They weren’t kidding when they said Valvenergy!
When most pedals set out the replicate the sound of a valve amp, they tend to pick a lane and stay in it. Pedals like the Marshall Bluesbreaker, for example, are an attempt to replicate one specific valve amp sound. Vox’s Mystic Edge aims for a more general approach to valve-type overdrive, offering a versatile range of controls.
But does it succeed?
It should be a surprise to nobody that a Vox pedal is most successful at replicating the sound of a Vox amp. That being said the Nu-Tube – a modern approximation of a vacuum tube – is great for creating a range of more organic sounds. With five knobs and three distinct modes, Vox have gone all out in their efforts to give this pedal as much range as possible.
Furthermore, because of the inclusion of an OLED screen, this pedal adds a visual aid to adjusting the waveform, granting even finer control over your sound.
As if all that wasn’t enough Vox have added the unique ability to link this and other Valvenergy pedals up via a small TRS cable. In practice, what this means is that you can set your pedals to turn one another off when you switch between them, allowing for faster and smoother on-stage transitions.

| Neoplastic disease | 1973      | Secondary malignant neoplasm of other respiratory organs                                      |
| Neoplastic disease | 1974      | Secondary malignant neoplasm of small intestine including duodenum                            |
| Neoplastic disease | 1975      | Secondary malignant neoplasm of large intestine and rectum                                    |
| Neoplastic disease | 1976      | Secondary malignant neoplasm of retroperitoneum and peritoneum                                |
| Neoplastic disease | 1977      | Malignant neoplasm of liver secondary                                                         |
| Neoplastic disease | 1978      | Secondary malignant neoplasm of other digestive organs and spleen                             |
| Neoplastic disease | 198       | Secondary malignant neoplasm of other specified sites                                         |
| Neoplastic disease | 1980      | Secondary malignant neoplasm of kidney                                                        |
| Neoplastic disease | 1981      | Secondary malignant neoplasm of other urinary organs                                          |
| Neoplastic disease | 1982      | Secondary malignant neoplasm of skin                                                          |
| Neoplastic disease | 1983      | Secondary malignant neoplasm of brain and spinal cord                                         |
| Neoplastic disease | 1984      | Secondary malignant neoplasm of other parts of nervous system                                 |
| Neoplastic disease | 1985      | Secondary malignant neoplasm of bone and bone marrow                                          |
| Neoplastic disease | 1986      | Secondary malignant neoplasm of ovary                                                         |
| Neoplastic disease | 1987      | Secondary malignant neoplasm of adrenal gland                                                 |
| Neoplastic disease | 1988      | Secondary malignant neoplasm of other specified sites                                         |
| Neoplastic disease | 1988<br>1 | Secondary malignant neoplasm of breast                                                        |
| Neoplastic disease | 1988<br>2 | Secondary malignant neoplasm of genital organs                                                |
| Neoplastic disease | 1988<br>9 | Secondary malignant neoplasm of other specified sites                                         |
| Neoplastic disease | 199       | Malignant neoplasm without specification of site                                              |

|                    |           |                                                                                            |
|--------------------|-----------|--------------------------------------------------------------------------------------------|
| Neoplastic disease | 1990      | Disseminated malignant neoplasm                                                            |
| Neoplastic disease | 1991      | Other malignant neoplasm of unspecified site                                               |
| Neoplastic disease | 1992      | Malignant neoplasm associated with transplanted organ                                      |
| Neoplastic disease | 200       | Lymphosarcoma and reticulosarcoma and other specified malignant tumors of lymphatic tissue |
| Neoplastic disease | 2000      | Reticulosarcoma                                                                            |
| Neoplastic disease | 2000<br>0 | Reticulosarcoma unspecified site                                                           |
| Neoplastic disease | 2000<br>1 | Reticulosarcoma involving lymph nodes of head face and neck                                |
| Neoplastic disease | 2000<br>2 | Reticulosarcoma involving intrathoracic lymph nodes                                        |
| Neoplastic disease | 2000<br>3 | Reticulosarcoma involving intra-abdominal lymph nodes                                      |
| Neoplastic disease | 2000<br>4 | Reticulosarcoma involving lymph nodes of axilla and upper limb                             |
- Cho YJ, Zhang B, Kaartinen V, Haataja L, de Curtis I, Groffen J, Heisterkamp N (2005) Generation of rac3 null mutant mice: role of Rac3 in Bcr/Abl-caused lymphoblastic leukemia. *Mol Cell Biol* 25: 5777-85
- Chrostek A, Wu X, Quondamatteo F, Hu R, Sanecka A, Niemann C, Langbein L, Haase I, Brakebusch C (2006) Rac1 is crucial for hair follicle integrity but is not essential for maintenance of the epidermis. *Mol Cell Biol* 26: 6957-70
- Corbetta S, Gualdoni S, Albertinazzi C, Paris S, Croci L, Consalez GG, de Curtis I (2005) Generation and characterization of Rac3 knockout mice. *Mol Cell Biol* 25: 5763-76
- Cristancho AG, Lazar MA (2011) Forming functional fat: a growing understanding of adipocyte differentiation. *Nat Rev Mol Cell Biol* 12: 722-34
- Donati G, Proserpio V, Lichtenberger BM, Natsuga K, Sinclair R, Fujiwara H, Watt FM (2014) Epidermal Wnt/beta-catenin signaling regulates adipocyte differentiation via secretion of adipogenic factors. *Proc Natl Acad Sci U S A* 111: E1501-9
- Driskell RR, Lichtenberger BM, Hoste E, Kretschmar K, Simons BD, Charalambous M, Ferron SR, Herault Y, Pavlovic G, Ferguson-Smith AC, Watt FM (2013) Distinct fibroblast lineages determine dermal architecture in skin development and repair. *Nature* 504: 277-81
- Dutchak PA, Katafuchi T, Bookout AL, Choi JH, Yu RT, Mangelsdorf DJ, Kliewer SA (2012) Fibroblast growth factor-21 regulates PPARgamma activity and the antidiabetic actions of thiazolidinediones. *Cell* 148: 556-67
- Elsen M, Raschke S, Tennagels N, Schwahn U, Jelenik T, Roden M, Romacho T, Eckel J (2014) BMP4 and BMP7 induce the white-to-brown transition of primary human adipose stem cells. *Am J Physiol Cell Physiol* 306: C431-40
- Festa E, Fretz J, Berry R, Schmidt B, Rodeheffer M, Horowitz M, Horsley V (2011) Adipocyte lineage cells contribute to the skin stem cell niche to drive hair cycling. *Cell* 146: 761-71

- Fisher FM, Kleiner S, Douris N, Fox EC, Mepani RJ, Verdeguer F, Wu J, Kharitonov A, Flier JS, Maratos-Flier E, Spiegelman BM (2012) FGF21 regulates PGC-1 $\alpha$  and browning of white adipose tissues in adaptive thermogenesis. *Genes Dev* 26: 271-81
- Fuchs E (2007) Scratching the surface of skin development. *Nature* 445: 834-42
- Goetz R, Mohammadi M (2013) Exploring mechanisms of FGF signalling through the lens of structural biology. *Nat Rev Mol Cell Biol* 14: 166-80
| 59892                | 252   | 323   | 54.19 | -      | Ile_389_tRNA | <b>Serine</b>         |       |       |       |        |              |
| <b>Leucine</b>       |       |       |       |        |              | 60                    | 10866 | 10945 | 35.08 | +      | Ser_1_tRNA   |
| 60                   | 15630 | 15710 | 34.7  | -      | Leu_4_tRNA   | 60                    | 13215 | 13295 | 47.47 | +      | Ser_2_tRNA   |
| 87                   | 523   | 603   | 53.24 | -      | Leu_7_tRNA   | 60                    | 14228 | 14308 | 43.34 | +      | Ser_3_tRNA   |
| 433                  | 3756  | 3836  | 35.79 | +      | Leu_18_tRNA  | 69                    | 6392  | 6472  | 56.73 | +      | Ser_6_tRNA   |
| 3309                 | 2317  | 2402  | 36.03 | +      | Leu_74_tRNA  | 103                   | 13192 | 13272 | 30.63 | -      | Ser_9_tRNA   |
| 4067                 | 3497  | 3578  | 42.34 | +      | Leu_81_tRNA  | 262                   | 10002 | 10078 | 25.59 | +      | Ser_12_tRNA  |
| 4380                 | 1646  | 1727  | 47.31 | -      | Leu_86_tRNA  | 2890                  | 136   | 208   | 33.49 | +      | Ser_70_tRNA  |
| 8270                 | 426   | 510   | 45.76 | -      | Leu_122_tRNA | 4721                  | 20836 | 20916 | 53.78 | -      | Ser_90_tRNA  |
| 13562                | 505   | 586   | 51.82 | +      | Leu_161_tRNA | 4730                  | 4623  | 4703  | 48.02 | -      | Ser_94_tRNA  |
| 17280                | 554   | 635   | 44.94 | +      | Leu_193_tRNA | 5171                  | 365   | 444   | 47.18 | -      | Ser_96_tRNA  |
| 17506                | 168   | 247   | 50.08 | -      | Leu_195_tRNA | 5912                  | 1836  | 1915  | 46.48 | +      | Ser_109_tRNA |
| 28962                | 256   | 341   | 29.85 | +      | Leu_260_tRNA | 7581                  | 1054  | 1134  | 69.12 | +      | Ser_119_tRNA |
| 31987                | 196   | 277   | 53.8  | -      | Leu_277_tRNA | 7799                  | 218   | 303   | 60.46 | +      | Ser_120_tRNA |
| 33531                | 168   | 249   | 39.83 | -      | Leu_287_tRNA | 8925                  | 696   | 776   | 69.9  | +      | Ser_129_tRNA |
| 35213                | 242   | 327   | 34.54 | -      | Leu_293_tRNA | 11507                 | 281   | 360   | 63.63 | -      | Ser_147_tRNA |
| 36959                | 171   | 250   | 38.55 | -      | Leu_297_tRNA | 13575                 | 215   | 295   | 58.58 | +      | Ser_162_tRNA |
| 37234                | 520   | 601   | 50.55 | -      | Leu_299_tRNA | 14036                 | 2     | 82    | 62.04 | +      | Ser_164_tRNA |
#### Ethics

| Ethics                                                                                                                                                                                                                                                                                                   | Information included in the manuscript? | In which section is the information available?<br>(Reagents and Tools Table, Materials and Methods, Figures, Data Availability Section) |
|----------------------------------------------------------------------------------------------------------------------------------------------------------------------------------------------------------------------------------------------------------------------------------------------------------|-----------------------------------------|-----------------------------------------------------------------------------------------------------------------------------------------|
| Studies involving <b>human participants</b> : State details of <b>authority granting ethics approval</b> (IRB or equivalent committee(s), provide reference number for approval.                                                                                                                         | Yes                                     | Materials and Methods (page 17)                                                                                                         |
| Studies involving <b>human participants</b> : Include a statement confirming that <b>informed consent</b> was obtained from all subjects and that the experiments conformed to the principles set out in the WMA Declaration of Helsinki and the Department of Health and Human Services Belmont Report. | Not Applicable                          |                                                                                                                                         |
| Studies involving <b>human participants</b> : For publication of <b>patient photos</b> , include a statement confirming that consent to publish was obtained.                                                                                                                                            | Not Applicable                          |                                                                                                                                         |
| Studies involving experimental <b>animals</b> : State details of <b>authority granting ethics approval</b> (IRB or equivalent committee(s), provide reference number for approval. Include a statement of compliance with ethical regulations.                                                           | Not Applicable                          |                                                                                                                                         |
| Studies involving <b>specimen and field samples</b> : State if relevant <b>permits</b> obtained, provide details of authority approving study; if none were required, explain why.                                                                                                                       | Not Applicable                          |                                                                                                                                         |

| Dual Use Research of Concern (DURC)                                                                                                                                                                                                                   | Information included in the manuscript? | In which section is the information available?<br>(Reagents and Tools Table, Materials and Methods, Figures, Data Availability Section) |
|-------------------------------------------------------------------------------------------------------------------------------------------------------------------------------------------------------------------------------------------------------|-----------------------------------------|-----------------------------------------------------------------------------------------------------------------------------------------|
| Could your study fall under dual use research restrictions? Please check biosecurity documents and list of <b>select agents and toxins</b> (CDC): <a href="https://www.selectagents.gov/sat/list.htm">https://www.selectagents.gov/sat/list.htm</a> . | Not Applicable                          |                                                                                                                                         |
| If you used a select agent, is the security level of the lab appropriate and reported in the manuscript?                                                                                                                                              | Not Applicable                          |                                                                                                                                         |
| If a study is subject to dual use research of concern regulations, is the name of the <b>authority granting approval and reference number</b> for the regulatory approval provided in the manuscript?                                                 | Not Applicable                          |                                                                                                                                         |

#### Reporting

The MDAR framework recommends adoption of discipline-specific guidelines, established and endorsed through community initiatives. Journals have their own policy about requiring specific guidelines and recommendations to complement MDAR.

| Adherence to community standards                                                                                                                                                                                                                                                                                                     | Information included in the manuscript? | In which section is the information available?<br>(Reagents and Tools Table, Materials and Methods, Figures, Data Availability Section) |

Retailing between $160 and $200, the Mystic Edge certainly isn’t a budget overdrive pedal, but at the same time, it’s pretty one-of-a-kind. For a pedal this small and easy to use, it offers an almost unprecedented level of tone-shaping. On the other hand, there is always a trade-off, and in this case, while the Vox can sound a lot like almost any valve amp, it’s never going to be a perfect recreation.
Of course, don’t let us decide for you. Check out the Mystic Edge here on TonePedia and decide for yourself how well it replicates the sound of a true valve amp.
|Jacks mounted on||Sides|
|Weight (in kg)||0.35|
|Width (in cm)||7.2|
|Height (in cm)||5.5|
|Depth (in cm)||12|